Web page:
One of my favorite lines that describes the issues with holding these beliefs is from the movie, An American President, where the president states “America is advanced citizenship. You gotta want it bad, ’cause it’s gonna put up a fight. It’s gonna say “You want free speech? Let’s see you acknowledge a man whose words make your blood boil, who’s standing center stage and advocating at the top of his lungs that which you would spend a lifetime opposing at the top of yours.” It’s easy when everyone agrees with you, it’s difficult when peoples’ strongly held beliefs go against yours, but hopefully the role of the library in presenting all types of information with all types of ideas and viewpoints, can foster understanding which will ultimately bring people together, not pull them apart.

Stephen McMinn, Director of Collections & Scholarly Communications

 

 

 

 

Warm Wishes from the Library

Let it Snow Brookens Library Chalkboard Art

We hope that this semester has been a successful one for you and your students.  As you wrap up grading and head out for winter break, we’re sure you’re already starting to ponder your spring classes.  As you begin to prepare, we just wanted to remind you that we’re here to help.  Whether you want to create a new research assignment, update an existing one, or embed information literacy instruction into your coursed (both on-ground or online) your library liaison is available to collaborate with you.  For more information about our resources and services, visit our Faculty Resources guide. We hope you have a pleasant and refreshing winter break, and we look forward to working with you in the new year!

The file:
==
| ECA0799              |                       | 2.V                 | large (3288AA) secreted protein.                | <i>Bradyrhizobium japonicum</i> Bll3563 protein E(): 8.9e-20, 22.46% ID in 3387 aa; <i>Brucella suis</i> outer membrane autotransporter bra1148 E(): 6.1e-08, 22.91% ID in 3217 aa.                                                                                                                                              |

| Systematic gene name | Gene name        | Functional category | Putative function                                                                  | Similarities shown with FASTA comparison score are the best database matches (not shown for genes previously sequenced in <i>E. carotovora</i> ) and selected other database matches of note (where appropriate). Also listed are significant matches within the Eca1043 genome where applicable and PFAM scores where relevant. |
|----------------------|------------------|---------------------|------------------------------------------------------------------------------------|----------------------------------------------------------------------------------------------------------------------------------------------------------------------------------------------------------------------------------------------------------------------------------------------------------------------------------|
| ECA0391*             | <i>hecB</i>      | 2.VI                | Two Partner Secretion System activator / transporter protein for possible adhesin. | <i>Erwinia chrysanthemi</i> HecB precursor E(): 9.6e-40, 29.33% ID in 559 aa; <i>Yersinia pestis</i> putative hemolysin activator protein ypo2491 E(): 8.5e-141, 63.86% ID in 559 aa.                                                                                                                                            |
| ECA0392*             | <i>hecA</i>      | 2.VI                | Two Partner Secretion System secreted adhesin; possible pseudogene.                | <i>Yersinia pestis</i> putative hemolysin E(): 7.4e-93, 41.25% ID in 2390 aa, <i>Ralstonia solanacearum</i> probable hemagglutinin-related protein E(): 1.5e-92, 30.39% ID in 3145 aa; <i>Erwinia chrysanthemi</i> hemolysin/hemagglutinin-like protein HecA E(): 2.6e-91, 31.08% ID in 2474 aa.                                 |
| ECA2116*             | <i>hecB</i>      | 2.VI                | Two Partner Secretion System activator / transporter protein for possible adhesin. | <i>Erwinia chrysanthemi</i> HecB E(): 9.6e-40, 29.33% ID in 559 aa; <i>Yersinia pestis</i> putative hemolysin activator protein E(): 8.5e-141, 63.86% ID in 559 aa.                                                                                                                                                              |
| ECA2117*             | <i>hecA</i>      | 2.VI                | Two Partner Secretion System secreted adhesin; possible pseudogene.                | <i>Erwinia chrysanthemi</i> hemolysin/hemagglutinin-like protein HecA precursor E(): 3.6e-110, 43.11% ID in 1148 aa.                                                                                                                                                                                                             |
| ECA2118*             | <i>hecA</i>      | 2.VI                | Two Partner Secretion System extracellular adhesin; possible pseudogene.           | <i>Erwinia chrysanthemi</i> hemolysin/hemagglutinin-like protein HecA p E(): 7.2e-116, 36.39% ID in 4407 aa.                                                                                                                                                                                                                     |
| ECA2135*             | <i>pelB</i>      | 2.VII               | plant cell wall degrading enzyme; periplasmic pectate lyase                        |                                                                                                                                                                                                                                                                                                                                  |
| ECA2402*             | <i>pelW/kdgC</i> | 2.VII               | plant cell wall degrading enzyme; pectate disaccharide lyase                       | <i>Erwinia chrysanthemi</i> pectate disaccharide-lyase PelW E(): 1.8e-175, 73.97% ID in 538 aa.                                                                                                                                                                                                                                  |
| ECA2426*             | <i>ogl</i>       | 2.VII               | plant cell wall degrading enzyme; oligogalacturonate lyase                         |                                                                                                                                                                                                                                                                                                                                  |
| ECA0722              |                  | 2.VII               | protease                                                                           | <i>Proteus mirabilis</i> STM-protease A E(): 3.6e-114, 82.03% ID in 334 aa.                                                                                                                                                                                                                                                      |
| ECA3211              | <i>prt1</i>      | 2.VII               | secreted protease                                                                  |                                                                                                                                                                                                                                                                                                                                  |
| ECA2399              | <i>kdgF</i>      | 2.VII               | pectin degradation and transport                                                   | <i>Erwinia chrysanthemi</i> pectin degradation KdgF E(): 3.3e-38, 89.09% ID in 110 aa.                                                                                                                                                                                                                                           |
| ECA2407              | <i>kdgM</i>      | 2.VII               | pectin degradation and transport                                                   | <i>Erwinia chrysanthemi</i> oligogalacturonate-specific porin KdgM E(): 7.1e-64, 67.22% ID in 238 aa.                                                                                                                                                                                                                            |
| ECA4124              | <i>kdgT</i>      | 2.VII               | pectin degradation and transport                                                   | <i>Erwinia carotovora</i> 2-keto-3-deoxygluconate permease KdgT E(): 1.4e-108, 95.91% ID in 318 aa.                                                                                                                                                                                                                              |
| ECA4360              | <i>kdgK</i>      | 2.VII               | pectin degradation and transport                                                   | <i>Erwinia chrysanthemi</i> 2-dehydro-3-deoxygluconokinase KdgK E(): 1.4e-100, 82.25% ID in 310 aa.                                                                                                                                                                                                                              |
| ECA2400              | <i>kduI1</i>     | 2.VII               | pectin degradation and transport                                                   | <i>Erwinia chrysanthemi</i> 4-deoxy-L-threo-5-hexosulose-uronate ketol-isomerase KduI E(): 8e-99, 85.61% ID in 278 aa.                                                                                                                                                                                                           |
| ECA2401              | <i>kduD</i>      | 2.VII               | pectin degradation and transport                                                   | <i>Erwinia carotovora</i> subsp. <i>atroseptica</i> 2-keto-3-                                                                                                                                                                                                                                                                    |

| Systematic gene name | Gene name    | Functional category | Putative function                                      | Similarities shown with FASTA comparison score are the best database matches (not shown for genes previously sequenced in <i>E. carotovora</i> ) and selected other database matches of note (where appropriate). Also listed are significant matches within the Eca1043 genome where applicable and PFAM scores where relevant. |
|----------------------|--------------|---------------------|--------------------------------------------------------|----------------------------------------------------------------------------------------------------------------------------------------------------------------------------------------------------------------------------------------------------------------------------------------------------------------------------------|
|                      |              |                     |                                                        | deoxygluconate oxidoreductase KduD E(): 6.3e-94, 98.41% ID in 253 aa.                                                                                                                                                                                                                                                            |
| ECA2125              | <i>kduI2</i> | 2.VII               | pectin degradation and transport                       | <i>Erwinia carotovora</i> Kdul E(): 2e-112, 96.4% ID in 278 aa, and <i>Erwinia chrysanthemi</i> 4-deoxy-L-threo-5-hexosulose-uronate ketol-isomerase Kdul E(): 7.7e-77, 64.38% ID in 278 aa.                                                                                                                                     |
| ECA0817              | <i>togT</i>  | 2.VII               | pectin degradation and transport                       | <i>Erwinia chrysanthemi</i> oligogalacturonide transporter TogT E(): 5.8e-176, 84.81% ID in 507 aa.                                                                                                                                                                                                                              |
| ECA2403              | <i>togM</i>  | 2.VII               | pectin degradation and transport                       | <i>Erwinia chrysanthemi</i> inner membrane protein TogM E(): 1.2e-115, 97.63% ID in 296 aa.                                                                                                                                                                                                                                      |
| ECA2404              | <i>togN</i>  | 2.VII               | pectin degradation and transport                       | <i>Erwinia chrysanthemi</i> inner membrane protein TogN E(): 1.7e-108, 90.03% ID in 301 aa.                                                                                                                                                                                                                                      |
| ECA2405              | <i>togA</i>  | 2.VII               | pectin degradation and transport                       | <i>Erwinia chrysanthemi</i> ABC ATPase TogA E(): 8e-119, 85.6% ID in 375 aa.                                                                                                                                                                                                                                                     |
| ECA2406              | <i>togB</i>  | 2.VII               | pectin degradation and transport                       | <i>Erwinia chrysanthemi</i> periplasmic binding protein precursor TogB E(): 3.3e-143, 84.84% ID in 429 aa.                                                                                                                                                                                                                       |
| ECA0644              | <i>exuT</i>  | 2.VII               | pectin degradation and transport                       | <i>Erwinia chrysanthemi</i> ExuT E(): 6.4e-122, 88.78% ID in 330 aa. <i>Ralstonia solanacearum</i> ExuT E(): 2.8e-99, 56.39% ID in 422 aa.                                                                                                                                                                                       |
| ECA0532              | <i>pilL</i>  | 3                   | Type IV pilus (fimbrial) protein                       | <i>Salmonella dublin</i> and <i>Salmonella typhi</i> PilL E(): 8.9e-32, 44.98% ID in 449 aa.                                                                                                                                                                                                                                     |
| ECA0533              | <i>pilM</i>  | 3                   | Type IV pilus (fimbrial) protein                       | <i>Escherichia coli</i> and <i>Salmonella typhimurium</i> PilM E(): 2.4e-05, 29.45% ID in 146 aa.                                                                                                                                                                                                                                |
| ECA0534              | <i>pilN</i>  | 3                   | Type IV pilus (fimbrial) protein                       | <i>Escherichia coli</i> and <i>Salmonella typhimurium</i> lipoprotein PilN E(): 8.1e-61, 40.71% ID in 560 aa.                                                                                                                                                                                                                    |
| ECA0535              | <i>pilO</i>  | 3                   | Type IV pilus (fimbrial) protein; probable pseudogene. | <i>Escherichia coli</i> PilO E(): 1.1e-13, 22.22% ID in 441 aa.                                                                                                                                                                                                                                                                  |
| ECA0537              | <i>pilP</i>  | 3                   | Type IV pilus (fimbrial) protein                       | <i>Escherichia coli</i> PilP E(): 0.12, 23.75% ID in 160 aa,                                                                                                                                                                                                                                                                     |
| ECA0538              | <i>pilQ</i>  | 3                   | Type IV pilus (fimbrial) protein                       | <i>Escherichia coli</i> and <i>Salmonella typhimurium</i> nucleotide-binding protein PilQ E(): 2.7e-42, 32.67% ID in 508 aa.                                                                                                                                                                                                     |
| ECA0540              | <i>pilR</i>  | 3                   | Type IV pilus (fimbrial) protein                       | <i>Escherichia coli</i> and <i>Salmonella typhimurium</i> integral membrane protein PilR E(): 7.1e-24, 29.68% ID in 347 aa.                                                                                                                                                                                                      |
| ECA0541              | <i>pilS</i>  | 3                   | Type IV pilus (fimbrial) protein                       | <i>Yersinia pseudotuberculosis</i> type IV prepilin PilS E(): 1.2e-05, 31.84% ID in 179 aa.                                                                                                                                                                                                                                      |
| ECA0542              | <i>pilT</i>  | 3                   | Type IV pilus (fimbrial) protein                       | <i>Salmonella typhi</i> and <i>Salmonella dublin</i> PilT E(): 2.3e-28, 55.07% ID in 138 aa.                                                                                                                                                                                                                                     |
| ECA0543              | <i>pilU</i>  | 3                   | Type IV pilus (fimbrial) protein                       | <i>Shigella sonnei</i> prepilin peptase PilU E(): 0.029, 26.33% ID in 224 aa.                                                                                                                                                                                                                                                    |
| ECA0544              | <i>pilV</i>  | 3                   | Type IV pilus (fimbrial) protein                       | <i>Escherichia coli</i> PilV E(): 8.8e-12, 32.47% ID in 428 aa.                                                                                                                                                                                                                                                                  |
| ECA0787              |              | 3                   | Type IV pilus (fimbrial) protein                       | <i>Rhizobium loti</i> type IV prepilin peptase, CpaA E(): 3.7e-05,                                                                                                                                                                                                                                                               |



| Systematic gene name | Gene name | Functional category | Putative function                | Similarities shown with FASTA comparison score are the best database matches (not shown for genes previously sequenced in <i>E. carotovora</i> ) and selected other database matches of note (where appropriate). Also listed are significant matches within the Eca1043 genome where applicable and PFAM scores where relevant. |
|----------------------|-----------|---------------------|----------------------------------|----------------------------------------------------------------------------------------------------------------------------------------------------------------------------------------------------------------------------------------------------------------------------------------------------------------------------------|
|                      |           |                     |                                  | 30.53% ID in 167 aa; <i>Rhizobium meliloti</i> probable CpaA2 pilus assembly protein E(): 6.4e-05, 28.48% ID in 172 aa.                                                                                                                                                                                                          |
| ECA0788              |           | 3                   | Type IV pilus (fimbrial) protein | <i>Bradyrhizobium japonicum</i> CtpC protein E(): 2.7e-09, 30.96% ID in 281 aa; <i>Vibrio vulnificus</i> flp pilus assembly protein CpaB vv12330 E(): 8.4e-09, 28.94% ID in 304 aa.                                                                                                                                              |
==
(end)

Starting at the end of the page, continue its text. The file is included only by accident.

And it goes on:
New Look for Research Guides

Our Research Guides have a new look this semester. We’ve made some changes based on a DePaul University user study[PDF] and best practices that say, among other things, that online research guides should be more subject focused (fewer “general purpose” resources), and should not overwhelm users with too many choices.

Lib Guides The subject-specific content on the new Guides is (nearly) identical to the old Research Guides. We hope that it is presented in a way is clear and concise for you and your students. Please feel free to offer feedback on your guide(s). Your library liaison can create a course-specific guide if the subject guide does not meet your needs.

Did you know that your Blackboard course site has a link to your subject focused research guide? Clicking on “Library Research Help” will bring your students to a page with links to your subject’s Research Guide and your library liaison’s contact information.

Blackboard link to Library Research Guides

Picking Your Topic IS Research